Overcoming the Fear of Swimming in Open Water

openswim3 Let’s face it, of the three sports that make up a triathlon, the swim is really the only one that people consider ‘scary’. And they have a  legitimate right to think that way. The water is often cloudy, so you can’t see where you’re going. The start is crowded and you get kicked, hit, and sometimes swum over by your competitors. Can you imagine a 5K run where you kicked and punched all the runners around you for the first 100 yards? Add all of this to the fact that if you stop swimming you can drown. It’s no wonder why I hear so many people tell me that they would love to do a triathlon but they’re too nervous about the swimming portion.

  

Many people commit to a triathlon and then proceed to have a melt down shortly after the start of the swim. I run an open water clinic every year in the weeks leading up to a big sprint race in the area and without exception there are a number of people who have an anxiety attack just 30 yards into our dry run of the course.

 

In the years that I have put on these clinics, I have learned some of the most common causes of anxiety in an open water swim. Hopefully this will help you get through the swim and onto your bike.

    

Breathing – 95% of the problems are breathing, and its not a physical thing, it’s mental. First there’s the anxiety. Most people are a little panicked in murky water with 100 other people and tend to get overwhelmed at the start with arms and legs going everywhere. The jump in heart rate with a dose of anxiety leads to hyperventilation and panic.   People also hate getting lake water in their mouth so they don’t exhale underwater. Instead they exhale AND inhale when they turn to breathe. That causes very shallow breathing and they end up out of breath. Finally, there’s the rough water as was mentioned. Poorer swimmers stop altogether to get a clear shot of air, but most won’t rotate enough to breathe and end up with a mouth full of water (see above).

 

The Unknown – It crosses everyone’s mind, but only a few admit it. Cloudy water brings horror movie type thoughts (I would love to know how many people won’t swim in open water because the movie JAWS ruined them for life). When it comes to animals there is almost nothing to worry about. Snakes, turtles, fish, etc are scared of us, so the last place you will find them is close to 900 people swimming in a lake. The other big unknown is the bottom, and what’s down there. Branches? A tree? A car? A monster? A body??. While I can’t speak to every body of water that we swim in, here in Texas where I live we have more lakes than Minnesota, but there is only one natural lake. Yep. One. That means there is a very good chance that the lake you are swimming in was planned, engineered, cleared and filled. So relax a little. If the swim start is in at a public beach or park, there’s not a lot of unknown down there.openswim002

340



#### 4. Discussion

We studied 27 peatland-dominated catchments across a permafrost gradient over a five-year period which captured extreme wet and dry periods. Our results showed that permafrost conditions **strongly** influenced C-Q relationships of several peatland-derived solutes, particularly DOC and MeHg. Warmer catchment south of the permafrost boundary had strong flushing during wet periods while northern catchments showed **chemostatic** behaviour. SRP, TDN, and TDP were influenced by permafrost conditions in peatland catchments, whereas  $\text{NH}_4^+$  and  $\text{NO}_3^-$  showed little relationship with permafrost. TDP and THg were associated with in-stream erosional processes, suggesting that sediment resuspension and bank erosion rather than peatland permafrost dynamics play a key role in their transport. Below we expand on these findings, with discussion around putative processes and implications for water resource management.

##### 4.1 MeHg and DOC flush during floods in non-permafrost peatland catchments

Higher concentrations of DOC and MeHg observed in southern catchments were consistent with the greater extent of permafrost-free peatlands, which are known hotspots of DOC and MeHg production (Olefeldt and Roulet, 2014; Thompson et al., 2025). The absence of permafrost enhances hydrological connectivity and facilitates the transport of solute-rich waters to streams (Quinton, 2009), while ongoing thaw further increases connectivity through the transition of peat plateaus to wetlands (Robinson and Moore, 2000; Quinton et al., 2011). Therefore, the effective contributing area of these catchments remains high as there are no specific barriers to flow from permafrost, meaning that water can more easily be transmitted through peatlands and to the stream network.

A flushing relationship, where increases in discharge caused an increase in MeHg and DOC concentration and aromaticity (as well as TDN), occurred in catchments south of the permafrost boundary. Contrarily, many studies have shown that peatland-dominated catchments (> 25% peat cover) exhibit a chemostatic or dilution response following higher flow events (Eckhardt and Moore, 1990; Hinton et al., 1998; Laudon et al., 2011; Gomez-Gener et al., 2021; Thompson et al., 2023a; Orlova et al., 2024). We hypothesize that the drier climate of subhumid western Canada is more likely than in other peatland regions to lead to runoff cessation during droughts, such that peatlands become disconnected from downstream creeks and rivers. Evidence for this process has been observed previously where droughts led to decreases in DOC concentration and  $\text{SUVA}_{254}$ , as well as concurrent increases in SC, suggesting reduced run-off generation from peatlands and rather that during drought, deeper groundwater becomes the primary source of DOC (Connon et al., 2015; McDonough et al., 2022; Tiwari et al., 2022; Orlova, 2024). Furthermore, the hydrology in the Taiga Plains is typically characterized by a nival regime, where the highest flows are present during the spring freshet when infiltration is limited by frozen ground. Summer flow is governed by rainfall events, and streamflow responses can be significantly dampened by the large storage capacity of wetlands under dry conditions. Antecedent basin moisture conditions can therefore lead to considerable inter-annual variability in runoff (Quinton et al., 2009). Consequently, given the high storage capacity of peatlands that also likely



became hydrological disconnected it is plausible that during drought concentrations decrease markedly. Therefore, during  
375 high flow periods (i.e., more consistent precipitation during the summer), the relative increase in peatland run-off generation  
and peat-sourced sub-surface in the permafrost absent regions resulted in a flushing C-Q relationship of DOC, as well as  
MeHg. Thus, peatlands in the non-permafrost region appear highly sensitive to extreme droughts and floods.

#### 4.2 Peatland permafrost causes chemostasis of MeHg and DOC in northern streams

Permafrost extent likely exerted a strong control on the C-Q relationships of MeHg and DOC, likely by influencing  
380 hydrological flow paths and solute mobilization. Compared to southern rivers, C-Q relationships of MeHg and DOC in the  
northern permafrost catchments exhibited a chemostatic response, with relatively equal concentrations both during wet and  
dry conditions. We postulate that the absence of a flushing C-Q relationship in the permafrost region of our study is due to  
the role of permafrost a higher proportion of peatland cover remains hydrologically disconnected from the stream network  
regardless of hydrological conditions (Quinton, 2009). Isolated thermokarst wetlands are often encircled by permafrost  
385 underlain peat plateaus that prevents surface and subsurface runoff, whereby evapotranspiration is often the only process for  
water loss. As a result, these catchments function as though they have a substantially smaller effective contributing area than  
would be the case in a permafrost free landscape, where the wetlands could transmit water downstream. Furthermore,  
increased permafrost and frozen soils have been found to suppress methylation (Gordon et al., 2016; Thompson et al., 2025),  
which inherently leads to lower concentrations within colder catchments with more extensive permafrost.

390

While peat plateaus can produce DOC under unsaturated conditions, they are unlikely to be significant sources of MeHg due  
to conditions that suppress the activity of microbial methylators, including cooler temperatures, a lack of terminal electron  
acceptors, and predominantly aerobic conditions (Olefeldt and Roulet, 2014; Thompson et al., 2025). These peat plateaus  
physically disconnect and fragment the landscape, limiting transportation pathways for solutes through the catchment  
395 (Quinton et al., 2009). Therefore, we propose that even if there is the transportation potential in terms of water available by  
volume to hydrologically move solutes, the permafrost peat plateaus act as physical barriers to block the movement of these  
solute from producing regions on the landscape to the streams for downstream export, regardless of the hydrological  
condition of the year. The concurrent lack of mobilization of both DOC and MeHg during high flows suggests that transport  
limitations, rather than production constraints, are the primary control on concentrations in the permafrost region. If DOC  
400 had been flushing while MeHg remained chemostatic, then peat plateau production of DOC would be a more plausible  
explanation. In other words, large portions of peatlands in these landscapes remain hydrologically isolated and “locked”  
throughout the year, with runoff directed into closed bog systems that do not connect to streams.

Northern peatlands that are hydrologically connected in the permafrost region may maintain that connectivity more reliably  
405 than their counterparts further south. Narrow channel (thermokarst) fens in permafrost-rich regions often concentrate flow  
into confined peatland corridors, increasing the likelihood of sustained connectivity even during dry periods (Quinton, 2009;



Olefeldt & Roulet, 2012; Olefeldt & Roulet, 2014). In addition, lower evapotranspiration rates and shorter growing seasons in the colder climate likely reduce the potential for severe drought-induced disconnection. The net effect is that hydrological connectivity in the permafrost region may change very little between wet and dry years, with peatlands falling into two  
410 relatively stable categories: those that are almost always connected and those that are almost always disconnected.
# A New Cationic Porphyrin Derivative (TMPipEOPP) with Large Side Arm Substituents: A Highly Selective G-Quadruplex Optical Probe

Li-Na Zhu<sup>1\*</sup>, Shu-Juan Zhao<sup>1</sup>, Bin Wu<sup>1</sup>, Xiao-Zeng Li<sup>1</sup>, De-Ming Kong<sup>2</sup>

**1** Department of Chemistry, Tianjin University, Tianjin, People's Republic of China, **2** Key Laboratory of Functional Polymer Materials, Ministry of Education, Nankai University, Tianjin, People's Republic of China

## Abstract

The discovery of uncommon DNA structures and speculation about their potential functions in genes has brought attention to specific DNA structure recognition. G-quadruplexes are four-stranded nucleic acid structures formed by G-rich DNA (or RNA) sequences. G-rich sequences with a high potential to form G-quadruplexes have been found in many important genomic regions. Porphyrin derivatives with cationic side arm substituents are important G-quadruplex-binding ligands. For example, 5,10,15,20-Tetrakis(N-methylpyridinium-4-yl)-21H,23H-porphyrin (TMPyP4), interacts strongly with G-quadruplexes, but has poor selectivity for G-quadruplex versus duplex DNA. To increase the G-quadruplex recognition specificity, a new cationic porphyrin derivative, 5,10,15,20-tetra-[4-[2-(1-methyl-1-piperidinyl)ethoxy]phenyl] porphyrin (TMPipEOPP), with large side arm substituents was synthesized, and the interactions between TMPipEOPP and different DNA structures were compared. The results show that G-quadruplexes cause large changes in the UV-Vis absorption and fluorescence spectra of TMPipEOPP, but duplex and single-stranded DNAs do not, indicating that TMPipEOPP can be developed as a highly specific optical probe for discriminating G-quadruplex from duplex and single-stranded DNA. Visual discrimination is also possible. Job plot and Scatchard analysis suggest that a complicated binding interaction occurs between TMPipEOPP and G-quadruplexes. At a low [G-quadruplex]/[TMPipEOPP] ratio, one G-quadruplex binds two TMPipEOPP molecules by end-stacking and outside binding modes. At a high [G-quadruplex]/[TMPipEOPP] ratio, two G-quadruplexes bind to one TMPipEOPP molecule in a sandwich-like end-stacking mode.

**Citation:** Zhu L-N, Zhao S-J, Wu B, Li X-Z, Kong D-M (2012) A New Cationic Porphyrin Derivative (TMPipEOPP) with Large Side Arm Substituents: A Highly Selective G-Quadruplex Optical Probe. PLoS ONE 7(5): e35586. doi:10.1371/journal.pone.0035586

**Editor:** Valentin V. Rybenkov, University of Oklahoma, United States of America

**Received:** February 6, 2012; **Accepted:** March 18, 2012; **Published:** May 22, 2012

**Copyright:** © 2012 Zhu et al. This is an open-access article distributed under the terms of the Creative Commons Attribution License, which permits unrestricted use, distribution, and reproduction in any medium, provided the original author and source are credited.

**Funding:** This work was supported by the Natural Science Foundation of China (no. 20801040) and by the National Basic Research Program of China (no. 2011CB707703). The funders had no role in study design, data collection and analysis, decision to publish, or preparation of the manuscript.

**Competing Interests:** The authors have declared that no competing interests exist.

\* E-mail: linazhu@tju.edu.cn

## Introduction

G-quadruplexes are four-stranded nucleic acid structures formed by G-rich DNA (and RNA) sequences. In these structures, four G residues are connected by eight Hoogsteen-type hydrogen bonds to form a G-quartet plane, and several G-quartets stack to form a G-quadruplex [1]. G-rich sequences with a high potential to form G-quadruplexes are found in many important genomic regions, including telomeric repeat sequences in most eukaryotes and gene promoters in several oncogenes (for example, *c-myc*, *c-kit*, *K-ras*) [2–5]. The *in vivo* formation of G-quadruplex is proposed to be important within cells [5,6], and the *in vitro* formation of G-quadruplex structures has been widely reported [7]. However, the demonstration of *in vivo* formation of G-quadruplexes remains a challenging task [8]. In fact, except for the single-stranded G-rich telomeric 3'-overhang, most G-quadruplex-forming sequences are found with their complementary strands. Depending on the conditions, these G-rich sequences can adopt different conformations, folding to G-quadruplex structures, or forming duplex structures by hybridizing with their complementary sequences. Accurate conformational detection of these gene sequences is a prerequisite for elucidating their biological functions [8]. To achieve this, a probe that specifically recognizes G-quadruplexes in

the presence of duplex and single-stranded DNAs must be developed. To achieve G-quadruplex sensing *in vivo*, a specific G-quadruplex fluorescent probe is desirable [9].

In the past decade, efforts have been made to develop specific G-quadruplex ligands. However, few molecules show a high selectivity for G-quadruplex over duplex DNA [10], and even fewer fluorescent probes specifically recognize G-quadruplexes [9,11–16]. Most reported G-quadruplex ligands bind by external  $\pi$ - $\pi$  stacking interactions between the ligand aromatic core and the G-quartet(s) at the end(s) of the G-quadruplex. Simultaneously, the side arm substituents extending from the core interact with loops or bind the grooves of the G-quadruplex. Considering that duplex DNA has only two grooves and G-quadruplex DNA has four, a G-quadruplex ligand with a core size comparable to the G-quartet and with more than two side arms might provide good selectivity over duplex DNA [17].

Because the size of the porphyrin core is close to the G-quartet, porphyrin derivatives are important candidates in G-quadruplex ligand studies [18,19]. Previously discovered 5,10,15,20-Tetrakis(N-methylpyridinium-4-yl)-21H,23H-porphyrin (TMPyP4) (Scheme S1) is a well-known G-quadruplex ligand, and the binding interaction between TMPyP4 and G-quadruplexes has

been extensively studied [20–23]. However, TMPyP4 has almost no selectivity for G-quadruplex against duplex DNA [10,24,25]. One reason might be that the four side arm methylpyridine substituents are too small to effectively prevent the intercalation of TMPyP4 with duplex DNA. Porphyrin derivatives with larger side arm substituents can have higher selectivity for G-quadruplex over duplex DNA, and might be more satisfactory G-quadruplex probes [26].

The Course – The vast majority of people entered have swum the distance at the pool and are very comfortable. 500 yards is a piece of cake when you break it into 20 lengths of the pool. Take that same 500 yards and drag across a lake and it can make you rethink things. It’s pretty common for me to see the swimmers head off swimming parallel to the shoreline doing just fine (after all, they’re only 15 yards from land), but that first turn away from the land and out into deep water will stop them dead in their tracks. My advice? Instead of doing a 500 in the pool to prepare for a 500 in open water, add another 25% to the distance and make sure that you’re not resting on the walls during the swim. The other to approach it is to swim a 500 to prepare for a 500, but do the whole thing without touching a single wall. It’ll force you to tread a little water just like you’ll have to do when you’re in open water.

  

The People – To be honest, this one even makes me a little nervous and I’ve been doing this for over 20 years. All those people, all those arms and legs, and all that energy. The best way to avoid getting tangled up in the start is to seed yourself properly (or even conservatively for those with an inflated sense of their swim skills). Unlike running races, its not very easy to just swim around someone, so the chances of getting run over is pretty good if you start in-front of faster swimmers. The other problem is that we crowd the starting line and wait for the gun treading water in a vertical position. When the gun goes off we all get horizontal in the same amount of space.  This makes it nearly impossible to avoid bumping into others. So be sure to give yourself room. If that means you start 10 yards back or wait a few seconds before you put your head down and go then so be it. You’ll easily make that time back since you won’t have to fight for space.

 

 Of course this isn’t a complete list as everyone has their own personal demons to deal with, but they are the most common that I run into. Bottom line: if you just rationalize the situation that you’re in, you should be able to achieve some level of comfort out there and turn a scary experience into an enjoyable one. That is, of course, assuming Jaws doesn’t swim up from the deep, murky, waters and eat you whole.

 

Happy Swimming.

 

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